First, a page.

With the Government announcing record Inheritance Tax receipts of over £5bn in 2017/18 (that’s an increase of over 50% since 2014), there are fears that people could be failing to minimise their tax liability correctly.
Rising property prices are impacting Inheritance Tax liability
An increase in property prices across the UK has meant that more and more people are now liable for Inheritance Tax.
Since 2009, the tax has been set at 40% on all assets over the £325,000 threshold; despite the fact that house prices have rocketed over the past ten years. What this means is that Inheritance Tax now hits an increasing number of estates. Before 2009, the threshold was set each year to reflect inflation and rises in overall asset prices.
As such, it’s perhaps no surprise that forecasts from the Office for Budget Responsibility (OBR) show that the number of estates on which Inheritance Tax is paid has more than quadrupled over the last seven years.
It’s also important to note the introduction of the residence nil-rate band (RNRB) last year, providing an additional inheritance tax allowance for individuals who leave their main residence to lineal descendants.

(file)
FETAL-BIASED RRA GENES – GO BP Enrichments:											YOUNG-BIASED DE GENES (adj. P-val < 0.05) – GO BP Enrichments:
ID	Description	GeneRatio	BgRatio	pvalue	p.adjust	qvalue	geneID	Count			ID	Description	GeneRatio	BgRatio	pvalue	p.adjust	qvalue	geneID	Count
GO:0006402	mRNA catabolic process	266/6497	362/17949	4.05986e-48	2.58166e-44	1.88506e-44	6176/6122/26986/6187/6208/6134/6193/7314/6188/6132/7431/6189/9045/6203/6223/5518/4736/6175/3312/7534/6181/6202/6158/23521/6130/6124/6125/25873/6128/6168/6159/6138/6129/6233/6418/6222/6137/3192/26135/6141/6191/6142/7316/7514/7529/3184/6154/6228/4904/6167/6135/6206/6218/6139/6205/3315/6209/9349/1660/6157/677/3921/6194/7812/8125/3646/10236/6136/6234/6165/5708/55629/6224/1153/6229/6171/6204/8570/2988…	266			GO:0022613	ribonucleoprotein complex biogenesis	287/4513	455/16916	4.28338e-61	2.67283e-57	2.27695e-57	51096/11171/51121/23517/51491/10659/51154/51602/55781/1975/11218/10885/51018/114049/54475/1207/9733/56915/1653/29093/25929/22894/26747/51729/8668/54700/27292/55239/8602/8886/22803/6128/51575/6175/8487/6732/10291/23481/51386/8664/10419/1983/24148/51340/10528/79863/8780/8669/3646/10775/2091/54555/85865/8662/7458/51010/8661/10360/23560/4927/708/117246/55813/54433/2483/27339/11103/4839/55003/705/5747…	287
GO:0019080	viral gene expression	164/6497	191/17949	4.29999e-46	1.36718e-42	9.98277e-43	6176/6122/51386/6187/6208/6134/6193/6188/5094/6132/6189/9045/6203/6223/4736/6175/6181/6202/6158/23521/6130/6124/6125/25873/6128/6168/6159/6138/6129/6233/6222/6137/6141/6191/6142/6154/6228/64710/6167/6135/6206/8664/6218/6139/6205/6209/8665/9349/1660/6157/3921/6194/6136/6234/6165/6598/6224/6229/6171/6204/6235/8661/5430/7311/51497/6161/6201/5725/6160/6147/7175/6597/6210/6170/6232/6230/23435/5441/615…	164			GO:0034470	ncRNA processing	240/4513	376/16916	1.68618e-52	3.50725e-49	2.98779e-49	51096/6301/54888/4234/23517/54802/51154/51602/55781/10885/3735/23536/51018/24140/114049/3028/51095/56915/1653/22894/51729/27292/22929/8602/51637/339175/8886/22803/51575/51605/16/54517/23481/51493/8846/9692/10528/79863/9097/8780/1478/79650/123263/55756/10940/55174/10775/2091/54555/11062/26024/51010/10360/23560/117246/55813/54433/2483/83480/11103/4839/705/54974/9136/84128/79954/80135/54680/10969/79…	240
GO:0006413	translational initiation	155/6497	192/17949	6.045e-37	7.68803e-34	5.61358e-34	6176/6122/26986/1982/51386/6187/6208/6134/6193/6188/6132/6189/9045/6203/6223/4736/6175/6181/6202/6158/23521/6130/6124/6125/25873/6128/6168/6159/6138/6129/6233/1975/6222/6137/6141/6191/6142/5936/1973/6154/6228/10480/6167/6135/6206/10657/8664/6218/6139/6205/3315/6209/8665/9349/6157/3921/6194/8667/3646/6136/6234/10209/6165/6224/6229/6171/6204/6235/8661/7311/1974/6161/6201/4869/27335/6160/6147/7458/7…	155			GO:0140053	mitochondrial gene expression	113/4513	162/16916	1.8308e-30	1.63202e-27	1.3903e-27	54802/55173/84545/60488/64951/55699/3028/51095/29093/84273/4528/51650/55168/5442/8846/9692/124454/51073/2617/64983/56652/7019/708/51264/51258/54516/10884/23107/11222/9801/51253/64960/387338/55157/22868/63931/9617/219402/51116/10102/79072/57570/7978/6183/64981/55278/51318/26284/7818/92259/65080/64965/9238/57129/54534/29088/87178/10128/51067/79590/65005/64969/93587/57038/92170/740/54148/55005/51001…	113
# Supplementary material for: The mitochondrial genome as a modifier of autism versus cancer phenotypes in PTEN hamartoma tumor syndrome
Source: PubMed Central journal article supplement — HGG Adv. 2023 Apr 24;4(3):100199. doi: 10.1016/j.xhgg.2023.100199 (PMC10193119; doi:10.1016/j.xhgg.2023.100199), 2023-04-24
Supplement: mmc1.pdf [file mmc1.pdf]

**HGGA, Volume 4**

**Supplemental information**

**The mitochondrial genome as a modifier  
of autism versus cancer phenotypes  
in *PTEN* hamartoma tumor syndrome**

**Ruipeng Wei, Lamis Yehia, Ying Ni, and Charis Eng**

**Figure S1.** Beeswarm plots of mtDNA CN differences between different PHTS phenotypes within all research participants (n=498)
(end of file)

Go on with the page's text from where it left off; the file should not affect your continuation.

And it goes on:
The additional allowance is to be brought in gradually, increasing by £25,000 on an annual basis. The amount began at £100,000 in 2017/18 and eventually grow to £175,000 in 2020/21.
In total, as this is on top of the current threshold, this amounts to an allowance of £1 million for a couple.
The problem facing the over-50s
With Inheritance Tax affecting more people than ever before, it is vital that the over-50s are fully informed about this topic. Worryingly, however, the latest research shows that this is not the case. As a result, it is likely that families will lose out while the Government benefits.
But there are ways to reduce a person’s Inheritance Tax liability (e.g. by using ISAs, a deed of variation, discretionary will trusts, etc.). So, it is vital that careful and professional estate planning is carried out to ensure assets are left to family members rather than the taxman.
To find out how you can pass on your estate in a tax-efficient way, speak to one of our expert team at legalmatters on 01243 216900 or email us at firstname.lastname@example.org.